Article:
Biscuits pitcher J.D. Martin talks about learning to be that rare pitching sight, a knuckleballer. Stacy Long
Six hundred forty four people who played Major League Baseball are being denied pensions by both the league and the union representing the current players, the Major League Baseball Players’ Association, because of a error the union committed 38 years ago.
In order to avert a threatened 1980 Memorial Day Weekend walkout by the players, MLB made the following sweetheart offer to union representatives: going forward, all a post-1980 player would need to be eligible to buy into the league’s premium health insurance plan was one game day of service; all a post-1980 player would need for a benefit allowance was 43 game days of service. At the time, the threshold was four years to be vested in the pension plan.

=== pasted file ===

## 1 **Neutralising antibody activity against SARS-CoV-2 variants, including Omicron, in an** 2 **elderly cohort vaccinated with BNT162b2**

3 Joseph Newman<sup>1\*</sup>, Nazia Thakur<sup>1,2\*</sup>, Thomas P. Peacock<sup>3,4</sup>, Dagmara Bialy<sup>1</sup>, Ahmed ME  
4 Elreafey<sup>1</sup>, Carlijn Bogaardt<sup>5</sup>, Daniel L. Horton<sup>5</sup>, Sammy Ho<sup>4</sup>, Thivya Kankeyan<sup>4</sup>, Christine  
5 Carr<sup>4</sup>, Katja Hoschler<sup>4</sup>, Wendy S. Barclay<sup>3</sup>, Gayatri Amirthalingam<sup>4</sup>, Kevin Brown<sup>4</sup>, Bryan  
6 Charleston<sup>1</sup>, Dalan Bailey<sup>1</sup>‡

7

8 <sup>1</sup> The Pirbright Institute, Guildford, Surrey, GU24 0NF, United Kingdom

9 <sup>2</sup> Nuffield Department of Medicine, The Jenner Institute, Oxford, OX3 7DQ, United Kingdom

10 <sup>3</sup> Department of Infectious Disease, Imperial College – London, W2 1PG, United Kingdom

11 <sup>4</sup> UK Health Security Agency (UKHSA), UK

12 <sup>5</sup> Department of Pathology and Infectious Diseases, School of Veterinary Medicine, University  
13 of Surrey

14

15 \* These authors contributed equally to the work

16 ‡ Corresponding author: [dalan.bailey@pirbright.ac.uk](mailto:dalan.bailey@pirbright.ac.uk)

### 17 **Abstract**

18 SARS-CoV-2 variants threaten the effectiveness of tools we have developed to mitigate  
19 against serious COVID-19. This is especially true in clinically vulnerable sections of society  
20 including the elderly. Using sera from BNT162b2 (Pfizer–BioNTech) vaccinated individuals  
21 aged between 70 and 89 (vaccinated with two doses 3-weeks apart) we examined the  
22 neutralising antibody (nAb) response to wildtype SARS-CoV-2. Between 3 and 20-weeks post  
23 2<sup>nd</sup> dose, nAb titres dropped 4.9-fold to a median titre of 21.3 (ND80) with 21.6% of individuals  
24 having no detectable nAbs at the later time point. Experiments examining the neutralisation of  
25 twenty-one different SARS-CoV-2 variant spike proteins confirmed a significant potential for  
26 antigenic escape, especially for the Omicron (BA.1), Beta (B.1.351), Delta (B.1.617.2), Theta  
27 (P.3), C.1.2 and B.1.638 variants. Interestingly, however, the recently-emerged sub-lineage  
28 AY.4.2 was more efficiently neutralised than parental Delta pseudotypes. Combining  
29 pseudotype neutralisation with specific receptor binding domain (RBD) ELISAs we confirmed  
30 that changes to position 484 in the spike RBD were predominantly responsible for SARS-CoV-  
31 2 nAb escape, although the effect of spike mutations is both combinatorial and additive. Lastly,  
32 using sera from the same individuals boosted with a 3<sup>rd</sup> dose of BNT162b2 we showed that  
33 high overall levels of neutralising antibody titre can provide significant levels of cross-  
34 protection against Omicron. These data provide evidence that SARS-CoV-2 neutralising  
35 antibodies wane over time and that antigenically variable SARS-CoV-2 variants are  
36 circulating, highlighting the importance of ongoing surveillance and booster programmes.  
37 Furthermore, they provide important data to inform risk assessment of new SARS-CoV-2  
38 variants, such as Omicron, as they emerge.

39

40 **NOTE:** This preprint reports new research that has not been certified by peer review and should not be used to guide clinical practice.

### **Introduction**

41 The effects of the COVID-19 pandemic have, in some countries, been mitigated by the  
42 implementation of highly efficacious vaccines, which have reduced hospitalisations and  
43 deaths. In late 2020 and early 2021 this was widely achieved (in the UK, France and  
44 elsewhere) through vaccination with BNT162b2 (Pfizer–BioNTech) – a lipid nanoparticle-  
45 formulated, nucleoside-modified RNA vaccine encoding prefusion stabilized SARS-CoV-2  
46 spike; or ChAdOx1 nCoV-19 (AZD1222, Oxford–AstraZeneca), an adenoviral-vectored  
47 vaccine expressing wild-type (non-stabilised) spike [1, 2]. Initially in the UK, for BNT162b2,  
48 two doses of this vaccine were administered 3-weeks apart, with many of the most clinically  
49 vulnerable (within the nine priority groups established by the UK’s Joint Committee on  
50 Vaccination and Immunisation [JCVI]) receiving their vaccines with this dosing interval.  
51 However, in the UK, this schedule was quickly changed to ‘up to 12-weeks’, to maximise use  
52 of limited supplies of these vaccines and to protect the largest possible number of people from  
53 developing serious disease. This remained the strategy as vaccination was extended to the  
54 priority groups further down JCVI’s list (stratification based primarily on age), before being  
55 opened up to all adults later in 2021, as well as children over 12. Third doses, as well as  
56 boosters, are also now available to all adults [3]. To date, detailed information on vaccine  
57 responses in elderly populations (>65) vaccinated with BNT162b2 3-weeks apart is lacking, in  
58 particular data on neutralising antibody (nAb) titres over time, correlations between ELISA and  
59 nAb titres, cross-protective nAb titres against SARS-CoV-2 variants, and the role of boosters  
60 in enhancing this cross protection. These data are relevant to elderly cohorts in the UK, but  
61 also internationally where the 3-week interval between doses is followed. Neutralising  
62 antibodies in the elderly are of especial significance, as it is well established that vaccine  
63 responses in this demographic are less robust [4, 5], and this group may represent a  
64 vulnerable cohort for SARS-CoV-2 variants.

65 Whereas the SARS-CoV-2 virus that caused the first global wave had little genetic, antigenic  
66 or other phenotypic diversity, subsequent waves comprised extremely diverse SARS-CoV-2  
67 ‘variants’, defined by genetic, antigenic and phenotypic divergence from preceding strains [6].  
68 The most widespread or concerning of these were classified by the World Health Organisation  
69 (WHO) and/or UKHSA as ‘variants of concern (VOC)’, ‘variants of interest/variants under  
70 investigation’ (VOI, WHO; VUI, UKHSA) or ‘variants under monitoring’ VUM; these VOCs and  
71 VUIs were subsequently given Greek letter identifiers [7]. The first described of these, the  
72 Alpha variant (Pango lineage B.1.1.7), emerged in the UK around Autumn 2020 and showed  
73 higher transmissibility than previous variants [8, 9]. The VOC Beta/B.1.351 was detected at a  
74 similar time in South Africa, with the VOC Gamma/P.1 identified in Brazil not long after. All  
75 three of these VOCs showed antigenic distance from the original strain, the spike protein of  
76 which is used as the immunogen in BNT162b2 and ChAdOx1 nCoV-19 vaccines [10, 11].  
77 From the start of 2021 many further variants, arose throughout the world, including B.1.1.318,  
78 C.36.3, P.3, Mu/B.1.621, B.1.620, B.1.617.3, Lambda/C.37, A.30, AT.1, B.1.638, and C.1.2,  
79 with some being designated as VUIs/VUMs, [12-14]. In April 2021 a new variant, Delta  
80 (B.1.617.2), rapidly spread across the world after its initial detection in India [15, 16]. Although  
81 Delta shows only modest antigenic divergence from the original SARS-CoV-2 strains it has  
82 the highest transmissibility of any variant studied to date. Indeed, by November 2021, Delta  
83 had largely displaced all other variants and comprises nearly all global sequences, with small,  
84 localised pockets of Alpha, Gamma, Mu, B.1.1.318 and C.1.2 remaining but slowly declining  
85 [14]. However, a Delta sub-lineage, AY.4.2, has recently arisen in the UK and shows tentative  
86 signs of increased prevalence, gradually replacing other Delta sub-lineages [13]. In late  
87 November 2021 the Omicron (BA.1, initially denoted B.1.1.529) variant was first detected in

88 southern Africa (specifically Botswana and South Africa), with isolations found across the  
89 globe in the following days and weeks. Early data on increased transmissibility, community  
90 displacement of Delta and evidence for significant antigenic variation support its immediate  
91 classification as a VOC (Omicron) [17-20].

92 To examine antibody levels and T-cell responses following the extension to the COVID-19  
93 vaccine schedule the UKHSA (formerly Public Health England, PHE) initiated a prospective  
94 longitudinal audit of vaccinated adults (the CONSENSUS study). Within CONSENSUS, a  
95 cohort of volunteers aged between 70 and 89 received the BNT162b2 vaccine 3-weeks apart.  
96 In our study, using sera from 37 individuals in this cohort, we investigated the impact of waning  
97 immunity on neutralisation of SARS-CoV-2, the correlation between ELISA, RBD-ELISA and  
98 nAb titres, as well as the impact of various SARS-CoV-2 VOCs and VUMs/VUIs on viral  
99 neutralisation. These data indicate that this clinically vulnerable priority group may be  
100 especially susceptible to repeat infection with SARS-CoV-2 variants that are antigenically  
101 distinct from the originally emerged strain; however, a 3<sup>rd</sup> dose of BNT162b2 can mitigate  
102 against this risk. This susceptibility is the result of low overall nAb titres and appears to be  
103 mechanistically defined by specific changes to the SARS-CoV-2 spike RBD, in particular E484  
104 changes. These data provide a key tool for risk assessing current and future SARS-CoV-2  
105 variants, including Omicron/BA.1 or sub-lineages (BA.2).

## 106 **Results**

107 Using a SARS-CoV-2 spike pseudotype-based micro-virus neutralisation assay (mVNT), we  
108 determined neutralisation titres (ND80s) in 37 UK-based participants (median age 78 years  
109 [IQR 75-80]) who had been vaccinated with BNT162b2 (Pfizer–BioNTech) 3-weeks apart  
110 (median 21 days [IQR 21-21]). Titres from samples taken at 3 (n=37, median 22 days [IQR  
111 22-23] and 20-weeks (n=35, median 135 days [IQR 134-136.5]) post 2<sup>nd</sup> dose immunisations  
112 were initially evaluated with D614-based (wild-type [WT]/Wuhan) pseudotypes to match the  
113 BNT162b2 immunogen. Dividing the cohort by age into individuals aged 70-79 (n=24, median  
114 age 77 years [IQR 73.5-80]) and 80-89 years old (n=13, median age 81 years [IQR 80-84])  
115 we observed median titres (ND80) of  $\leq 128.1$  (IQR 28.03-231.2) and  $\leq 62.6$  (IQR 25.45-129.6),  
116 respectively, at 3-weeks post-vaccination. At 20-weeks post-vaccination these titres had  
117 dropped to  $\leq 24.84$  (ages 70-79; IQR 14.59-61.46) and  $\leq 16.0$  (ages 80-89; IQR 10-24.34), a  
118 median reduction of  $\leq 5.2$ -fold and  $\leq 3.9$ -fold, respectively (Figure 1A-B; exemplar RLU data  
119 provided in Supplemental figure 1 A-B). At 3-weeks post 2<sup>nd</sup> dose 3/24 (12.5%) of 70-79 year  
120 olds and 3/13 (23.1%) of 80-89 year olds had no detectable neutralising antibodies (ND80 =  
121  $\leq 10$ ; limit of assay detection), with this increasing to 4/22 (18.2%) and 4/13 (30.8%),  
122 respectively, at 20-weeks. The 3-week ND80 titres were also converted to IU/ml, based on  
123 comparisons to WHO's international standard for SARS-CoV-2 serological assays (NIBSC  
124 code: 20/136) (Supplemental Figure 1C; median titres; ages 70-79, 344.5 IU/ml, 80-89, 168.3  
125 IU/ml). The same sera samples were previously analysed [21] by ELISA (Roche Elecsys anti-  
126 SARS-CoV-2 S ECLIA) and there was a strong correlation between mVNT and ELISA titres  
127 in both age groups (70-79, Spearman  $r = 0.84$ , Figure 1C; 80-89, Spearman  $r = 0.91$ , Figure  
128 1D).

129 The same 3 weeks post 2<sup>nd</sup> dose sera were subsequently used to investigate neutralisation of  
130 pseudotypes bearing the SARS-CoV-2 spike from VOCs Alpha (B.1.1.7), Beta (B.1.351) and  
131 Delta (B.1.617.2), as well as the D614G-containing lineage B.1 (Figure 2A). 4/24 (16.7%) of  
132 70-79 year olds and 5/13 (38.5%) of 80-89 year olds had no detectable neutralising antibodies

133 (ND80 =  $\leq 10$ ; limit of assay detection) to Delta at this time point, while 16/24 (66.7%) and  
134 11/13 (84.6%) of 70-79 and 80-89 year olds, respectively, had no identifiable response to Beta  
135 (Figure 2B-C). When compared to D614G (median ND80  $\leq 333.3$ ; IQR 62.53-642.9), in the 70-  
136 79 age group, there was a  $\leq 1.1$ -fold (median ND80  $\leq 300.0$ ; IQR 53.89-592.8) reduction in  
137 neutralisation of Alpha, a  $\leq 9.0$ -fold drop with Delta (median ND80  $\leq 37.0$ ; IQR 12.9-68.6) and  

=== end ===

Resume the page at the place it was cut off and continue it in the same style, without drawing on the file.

The problem was, the union failed to insist on retroactivity for all those players who had more than 43 game days but less than four years of service.
According to the IRS, a current MLB retiree can receive a pension of up to $220,000.
The league and union partially remedied this situation in April 2011. The pre-1980 players alive at the time were each awarded payments of $625 per quarter, up to 16 quarters, for every 43 game days of service the man had.
The league — which I concede does not have to address this matter unless the union broaches it in collective bargaining negotiations — recently announced that its revenue was up 325 percent from 1992, and that it has made $500 million since 2015. What’s more, the average value…